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Setting boundaries between work and life helps families thrive


With the flexibility to check e-mail at home, get the kids ready for school, call your boss on the way to work, and text message your next appointment, the nature of work has changed. However, contrary to popular opinion, people who integrate their work and families are not always happier, Michigan State University researchers say.

Instead, Ellen Kossek, an MSU professor of Labor and Industrial Relations, found that people who establish boundaries between work and family are actually more connected to their families than those who integrate their jobs and personal lives.

"We need to realize that it is OK to shut work out of our personal lives," said Kossek. "It’s counter intuitive, but spending more time specifically on work may actually help you spend more quality time with your family."

Surveying 95 supervisors and more than 300 of their employees, Kossek and her collaborators – Professors Susan Eaton of Harvard University and Brenda Lautsch of Simon Fraser University – studied how separating or integrating work with family obligations impacted workers’ happiness, time at work and performance. They found that managers who integrate tend to have more work and family conflict than those who separate.

"Work can take over our personal lives," said Kossek. "If you’re working from the family computer in the middle of the family room, your kids see you at work and don’t understand why you’re physically there, but mentally you’re someplace else."

"An easy way to begin to tell if you are an integrator or a separator is to ask, do you have one calendar or two? Do you have one key chain or two? Your ability to put up boundaries to your work and family may be able to help improve your happiness.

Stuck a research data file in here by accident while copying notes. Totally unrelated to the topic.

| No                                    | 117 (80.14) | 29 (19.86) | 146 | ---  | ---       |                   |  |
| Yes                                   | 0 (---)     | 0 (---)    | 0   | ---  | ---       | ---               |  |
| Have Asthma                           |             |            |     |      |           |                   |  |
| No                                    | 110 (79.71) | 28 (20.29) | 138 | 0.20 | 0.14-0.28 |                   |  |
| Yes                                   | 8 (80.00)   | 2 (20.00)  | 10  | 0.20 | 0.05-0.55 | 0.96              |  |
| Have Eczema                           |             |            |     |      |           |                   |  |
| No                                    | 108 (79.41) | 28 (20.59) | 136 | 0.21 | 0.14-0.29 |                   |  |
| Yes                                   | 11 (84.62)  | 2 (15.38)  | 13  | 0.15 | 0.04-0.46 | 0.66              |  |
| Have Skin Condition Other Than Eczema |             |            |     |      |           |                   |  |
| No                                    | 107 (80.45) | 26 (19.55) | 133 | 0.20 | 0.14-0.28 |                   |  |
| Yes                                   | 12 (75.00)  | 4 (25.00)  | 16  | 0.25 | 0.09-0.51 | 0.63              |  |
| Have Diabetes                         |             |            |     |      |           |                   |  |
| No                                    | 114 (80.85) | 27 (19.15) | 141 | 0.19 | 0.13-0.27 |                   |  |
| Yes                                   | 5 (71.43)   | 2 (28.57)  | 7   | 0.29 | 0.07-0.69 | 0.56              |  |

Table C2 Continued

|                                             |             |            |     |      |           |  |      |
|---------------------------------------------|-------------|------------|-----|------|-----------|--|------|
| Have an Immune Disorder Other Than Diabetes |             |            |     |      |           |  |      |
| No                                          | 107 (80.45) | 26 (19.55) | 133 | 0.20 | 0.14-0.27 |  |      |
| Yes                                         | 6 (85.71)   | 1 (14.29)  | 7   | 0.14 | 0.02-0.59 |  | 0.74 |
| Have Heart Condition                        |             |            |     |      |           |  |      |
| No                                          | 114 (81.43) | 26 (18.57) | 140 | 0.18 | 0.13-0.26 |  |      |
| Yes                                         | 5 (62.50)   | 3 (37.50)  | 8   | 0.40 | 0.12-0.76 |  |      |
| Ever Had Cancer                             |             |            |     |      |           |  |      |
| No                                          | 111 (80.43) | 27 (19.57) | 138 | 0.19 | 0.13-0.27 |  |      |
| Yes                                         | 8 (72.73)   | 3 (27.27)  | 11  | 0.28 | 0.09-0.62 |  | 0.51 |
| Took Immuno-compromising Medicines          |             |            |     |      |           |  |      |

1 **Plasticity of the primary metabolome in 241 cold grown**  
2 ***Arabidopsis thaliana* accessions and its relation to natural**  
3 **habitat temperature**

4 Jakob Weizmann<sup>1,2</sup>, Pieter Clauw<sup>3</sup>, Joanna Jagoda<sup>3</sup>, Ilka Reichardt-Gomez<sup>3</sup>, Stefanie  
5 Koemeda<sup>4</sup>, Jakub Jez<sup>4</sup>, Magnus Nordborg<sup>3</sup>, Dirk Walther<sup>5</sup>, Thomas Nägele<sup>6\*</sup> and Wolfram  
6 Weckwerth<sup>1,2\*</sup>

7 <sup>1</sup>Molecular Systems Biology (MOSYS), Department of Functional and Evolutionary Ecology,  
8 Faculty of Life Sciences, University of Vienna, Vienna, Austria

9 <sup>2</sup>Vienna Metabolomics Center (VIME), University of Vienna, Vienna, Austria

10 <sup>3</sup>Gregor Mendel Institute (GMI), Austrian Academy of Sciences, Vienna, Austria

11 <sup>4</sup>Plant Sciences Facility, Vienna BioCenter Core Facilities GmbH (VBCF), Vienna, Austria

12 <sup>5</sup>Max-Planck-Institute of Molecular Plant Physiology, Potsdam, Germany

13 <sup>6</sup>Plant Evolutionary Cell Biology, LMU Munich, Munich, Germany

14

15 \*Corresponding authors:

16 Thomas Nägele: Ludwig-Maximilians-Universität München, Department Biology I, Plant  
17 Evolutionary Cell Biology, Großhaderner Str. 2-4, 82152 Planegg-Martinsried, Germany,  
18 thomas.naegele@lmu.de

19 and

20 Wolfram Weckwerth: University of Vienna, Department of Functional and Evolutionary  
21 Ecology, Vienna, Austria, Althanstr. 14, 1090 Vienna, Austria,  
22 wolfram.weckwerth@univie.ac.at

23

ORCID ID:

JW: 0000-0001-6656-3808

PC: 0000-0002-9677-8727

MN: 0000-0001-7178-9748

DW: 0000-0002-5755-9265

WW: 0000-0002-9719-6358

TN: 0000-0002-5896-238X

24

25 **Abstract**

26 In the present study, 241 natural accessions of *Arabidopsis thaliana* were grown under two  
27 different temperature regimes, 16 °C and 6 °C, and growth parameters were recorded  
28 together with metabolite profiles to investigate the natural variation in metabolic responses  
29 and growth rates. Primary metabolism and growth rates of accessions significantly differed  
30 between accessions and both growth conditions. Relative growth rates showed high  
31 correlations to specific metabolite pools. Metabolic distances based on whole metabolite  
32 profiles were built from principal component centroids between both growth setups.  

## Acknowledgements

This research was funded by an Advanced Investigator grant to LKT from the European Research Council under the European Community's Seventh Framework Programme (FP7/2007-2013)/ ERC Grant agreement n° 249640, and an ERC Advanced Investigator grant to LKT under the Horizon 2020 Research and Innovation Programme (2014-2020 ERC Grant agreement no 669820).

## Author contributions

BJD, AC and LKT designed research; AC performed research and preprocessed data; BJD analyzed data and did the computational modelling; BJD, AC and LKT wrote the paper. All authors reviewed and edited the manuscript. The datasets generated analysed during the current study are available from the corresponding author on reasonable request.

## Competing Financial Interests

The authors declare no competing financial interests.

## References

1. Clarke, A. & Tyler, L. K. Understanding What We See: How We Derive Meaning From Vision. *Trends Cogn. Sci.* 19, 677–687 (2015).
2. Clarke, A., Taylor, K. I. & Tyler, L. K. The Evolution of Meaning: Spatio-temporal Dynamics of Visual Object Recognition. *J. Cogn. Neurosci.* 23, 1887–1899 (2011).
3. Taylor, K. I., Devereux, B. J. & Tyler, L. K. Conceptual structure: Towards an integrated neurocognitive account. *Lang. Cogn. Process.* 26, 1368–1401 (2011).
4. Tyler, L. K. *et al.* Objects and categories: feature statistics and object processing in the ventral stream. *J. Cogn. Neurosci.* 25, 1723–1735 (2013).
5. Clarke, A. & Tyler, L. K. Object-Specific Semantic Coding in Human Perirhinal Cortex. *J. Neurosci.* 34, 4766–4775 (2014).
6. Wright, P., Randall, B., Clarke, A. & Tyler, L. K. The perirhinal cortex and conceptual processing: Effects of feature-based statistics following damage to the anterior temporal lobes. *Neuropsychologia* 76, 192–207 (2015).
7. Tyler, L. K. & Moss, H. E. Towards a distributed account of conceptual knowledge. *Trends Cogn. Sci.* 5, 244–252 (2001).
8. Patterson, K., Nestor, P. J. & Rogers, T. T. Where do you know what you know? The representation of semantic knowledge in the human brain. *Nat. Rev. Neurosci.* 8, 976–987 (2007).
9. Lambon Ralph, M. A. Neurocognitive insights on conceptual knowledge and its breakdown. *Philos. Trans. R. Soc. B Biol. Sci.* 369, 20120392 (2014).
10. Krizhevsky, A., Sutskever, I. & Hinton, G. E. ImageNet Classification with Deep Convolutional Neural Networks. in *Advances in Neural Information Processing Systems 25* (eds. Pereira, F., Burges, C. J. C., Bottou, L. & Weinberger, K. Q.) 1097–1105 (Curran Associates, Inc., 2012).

"If you must integrate, the best way to help your family is to have a separate door to the office," said Kossek.

Some people are naturally more integrated in their style than separated. "Women managers, on the whole, are more likely to be integrators than men," said Kossek.

Integration or separation can impact the amount of time an employee spends at work.

"All these technological time savers really end up taking more time," said Kossek, who found that on average people who worked from one office spent 43 hours per week at work, those in two places spent 45 hours per week at work and those working in three places spend an average of 52 hours per week at work a week.

"Counter to the popular perception of flexibility allowing people to excel in both their work and personal lives, employees who used portable work were rated lower in performance evaluations by their supervisors," said Kossek.

"Lower performance evaluations may actually be because supervisors do not know how to manage distance workers."

Kossek’s research will be discussed at the Managing Work-Life Integration in Organizations Conference, which she is co-chairing, on May 13 & 14 at the Center for Creative Leadership in Greensboro, N.C. Co-Sponsors of the Conference include Booz Allen, Eli Lilly, S. C. Johnson, Whirlpool Corporation, the Center for Creative Leadership and MSU. Press scholarships are available.

MSU Labor and Industrial Relations faculty advance knowledge about working relationships and transform the lives of employers and employees. The School of Labor and Industrial Relations is located in the College of Social Science at MSU.

Creating, disseminating and applying knowledge in the social, behavioral, and economic sciences is the core mission of the College of Social Science at MSU. Faculty engage in interdisciplinary collaboration to gain in-depth answers to real world problems on local, national and international levels. The college prepares students to become leaders through challenging coursework and enriching out-of-classroom opportunities. Most importantly, the College of Social Science tailors knowledge to benefit the families, workplaces, and communities in which we live.

MSU has been advancing knowledge and transforming lives through innovative research, teaching and outreach for nearly 150 years. It is known worldwide as a major public university with global reach and extraordinary impact. Its 14 degree-granting colleges and affiliated private law school attract scholars worldwide who are interested in combining education with practical problem solving.

Ellen Kossek | EurekAlert!
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